One of the Greatest Successes of Modern Medicine
Over the past several decades, the practice of organ transplantation has emerged as one of the preeminent successes of modern medicine, but this was not always the case. Less than a hundred years ago, organ transplantation between humans was considered an experimental, ethically complicated procedure, and optimism in the field was limited.
An Average of 95 Transplants are Conducted in the United States Each Day
CURRENT ORGAN SHORTAGE
More than 110,000 Americans Are Currently on the National Waitlist
An experimental procedure only 40 years ago, human-to-human allotransplantation has become so successful and prevalent worldwide that there is now a shortage of available organs. It is estimated that more than 110,000 Americans are currently on the national waitlist, and another is added every 10 minutes. Consequently, there is a substantial and increasing waiting list of patients registered for kidney, liver, and heart transplants when organs become available but little prospect of any increase in the number of donor organs.
Today, 30 People Will Die or Be Removed from the
Waiting List Due to the Inadequate Supply of Organs
Addressing an Unmet Medical Need
Xenotransplantation is the process of grafting or transplanting organs or tissues between members of different species. While xenotransplantation is not a new concept, the continued and growing problem of the unresolvable shortage of adequate numbers of human donors has led to a strong resurgence of interest in xenotransplantation in recent years.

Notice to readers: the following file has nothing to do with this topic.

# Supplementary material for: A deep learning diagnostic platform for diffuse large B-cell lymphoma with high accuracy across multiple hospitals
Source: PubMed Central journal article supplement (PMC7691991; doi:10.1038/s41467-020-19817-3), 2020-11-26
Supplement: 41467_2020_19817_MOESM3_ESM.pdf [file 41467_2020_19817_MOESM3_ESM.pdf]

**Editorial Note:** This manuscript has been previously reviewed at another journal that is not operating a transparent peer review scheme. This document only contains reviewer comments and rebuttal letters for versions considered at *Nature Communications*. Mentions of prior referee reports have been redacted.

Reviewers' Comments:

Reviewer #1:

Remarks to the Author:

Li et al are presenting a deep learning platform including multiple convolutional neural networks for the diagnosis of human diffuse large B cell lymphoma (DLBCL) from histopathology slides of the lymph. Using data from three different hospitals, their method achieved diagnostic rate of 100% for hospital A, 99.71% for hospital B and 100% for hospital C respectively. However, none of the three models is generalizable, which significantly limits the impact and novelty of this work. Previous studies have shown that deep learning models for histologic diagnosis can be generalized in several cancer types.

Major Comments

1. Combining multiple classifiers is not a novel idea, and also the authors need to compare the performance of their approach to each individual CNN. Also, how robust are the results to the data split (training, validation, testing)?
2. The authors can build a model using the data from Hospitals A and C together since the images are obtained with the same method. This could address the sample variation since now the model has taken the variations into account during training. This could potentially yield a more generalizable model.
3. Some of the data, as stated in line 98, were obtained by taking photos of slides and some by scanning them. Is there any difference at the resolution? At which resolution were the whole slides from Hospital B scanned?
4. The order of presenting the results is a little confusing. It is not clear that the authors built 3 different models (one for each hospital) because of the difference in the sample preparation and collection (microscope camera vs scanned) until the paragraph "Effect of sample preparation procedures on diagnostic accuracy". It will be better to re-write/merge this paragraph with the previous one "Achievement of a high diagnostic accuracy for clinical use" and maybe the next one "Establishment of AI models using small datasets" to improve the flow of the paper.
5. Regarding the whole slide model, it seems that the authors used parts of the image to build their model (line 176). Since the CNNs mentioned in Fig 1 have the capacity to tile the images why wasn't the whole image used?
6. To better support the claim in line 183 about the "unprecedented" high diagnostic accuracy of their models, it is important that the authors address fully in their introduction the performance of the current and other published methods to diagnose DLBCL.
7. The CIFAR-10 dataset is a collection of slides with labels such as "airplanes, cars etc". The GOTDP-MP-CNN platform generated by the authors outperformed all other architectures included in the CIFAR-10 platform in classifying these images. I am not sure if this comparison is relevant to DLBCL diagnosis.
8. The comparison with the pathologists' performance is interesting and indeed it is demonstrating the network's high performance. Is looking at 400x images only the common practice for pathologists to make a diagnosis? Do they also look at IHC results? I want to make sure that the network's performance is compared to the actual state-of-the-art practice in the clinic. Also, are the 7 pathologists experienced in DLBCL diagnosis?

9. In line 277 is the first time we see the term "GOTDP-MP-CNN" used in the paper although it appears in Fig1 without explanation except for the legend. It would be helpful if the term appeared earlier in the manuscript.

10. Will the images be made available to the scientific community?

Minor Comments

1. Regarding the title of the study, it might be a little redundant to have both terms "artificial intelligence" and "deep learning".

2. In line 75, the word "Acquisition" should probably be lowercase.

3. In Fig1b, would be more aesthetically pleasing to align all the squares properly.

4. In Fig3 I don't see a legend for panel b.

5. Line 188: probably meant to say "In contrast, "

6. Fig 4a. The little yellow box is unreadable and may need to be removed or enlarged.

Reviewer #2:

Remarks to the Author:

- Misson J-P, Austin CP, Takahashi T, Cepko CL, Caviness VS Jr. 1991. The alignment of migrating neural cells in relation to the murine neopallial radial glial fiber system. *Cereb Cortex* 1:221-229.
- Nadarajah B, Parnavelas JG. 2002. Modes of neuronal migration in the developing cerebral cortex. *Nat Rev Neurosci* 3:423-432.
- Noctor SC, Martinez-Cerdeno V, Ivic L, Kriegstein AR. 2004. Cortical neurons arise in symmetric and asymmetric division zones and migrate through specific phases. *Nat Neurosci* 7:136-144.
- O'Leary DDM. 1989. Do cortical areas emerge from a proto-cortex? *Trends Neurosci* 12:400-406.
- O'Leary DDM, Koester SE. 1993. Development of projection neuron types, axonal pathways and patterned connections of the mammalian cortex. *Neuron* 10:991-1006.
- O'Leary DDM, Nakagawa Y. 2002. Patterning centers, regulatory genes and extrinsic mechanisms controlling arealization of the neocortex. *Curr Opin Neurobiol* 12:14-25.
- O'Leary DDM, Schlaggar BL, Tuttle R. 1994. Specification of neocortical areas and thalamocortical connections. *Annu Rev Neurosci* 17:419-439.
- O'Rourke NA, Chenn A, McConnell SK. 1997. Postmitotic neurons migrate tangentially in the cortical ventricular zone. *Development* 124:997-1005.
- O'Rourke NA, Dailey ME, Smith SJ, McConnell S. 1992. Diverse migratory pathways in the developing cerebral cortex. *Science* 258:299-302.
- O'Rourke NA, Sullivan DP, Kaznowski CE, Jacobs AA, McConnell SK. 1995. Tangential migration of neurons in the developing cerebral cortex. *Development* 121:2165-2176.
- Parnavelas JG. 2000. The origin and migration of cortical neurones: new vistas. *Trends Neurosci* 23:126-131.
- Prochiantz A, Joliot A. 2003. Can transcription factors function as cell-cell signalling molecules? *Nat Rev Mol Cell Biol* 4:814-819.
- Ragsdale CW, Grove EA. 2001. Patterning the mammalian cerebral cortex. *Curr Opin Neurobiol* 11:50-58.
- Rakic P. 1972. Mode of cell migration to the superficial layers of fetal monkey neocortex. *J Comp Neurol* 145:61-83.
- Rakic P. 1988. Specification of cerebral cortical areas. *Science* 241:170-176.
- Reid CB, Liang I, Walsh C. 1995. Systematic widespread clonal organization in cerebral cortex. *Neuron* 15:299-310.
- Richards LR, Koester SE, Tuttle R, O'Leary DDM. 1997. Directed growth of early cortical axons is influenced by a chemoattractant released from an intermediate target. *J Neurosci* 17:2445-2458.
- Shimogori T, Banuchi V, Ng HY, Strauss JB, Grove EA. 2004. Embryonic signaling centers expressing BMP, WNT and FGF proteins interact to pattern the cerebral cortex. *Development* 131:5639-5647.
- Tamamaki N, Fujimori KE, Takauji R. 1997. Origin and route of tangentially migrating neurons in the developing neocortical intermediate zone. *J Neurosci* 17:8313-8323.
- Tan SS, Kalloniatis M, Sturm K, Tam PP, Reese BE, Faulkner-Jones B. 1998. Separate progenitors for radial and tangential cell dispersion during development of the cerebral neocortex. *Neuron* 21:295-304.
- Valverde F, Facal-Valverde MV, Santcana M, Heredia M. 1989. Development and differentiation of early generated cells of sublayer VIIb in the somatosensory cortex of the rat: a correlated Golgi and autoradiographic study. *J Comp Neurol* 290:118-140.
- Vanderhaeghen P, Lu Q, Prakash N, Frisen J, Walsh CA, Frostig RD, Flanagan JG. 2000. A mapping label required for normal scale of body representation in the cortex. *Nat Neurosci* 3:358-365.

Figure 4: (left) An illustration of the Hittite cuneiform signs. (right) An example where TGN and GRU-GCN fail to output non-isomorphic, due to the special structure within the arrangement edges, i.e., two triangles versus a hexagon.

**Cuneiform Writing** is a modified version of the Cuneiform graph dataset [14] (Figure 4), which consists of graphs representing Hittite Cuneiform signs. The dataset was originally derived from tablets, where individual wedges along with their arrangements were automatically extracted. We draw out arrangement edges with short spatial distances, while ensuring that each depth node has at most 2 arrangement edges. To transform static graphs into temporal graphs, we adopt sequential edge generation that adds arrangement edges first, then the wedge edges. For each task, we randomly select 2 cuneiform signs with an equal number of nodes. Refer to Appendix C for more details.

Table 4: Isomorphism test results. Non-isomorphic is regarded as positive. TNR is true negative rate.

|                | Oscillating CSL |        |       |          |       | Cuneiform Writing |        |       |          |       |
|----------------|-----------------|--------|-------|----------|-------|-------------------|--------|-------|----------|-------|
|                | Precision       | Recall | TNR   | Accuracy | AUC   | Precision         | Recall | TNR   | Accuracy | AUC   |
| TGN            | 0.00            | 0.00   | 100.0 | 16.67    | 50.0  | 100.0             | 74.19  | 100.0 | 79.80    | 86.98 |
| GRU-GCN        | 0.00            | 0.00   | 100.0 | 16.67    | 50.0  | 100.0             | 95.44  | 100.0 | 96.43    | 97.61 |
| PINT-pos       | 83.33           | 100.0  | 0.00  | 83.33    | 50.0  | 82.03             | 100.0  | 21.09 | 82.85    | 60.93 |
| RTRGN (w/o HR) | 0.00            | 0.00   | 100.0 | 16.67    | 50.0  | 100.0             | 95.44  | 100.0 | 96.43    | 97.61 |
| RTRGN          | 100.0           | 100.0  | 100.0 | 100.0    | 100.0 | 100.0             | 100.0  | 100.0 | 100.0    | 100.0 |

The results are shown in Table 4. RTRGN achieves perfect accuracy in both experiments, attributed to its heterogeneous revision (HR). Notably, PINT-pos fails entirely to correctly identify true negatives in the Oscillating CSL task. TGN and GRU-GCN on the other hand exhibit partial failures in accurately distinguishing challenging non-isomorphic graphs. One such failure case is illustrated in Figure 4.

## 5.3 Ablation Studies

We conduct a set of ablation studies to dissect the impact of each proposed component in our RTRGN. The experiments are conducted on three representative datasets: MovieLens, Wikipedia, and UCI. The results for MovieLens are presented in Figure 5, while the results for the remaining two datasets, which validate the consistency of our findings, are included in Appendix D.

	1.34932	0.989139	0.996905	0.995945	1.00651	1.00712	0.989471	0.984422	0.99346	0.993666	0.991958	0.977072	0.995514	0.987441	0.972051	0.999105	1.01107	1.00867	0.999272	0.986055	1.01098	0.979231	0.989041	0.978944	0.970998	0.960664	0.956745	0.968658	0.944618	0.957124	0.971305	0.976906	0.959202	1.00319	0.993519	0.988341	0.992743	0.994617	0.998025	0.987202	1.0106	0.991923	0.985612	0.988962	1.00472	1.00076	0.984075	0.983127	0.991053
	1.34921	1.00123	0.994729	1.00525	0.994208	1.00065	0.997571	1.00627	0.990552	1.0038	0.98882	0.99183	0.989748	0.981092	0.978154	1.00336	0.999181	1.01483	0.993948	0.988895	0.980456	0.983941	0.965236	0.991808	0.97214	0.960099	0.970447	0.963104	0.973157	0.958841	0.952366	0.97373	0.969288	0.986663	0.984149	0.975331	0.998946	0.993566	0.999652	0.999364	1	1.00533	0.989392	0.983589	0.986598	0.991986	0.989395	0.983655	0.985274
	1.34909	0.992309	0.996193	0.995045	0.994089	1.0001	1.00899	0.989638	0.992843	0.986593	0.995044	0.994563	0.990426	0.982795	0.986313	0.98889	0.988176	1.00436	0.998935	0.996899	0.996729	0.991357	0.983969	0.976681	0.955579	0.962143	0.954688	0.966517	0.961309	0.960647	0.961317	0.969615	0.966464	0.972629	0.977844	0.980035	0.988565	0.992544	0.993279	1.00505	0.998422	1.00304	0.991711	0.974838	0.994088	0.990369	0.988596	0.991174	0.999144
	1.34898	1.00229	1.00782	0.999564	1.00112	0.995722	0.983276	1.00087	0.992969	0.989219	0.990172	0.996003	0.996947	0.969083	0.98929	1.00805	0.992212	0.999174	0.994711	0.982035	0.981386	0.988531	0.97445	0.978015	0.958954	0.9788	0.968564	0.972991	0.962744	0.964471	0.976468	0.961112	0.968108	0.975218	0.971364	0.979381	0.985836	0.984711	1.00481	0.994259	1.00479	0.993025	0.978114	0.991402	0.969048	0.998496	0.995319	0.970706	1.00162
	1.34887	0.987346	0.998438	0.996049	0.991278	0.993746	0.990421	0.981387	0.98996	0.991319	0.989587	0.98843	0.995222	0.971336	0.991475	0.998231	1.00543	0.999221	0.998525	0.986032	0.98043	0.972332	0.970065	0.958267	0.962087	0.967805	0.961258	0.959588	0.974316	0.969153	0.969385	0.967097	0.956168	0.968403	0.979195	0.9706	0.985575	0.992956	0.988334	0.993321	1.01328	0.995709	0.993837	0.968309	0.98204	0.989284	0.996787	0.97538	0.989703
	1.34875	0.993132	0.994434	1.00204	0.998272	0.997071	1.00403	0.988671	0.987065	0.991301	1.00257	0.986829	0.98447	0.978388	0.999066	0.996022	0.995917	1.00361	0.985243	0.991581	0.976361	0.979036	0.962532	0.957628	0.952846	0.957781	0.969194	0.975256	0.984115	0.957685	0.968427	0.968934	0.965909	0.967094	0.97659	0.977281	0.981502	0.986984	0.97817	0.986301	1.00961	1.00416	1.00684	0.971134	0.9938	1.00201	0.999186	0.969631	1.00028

Today, XenoTherapeutics optimizes the live-cells of organs derived from genetically engineered swine for xenotransplantation and reduces the risk of infection and rejection in human recipients. Specifically, xenotransplantation of vital porcine skin transplants minimize mortality and morbidity from preventable infections and fluid loss and can improve outcomes by reducing scarring and improving restoration of normal bodily functions by utilizing the same proven and reliable mechanisms as deceased human donor allograft skin, while minimizing infectious disease concerns and increasing treatment availability.1
Xenotransplants Are Less Prone to
Infectious Disease Risks than Allotransplants
1. Barone AAL, Mastroianni M, Farkash EA, Mallard C, Albritton A, Torabi R, Leonard DA, Kurtz JM, Sachs DH, Cetrulo Jr. CL (2015) Genetically modified porcine split-thickness skin grafts as an alternative to allograft for provision of temporary wound coverage: preliminary characterization. Burns, 41(3):565–574. https://doi.org/10.1016/j.burns.2014.09.003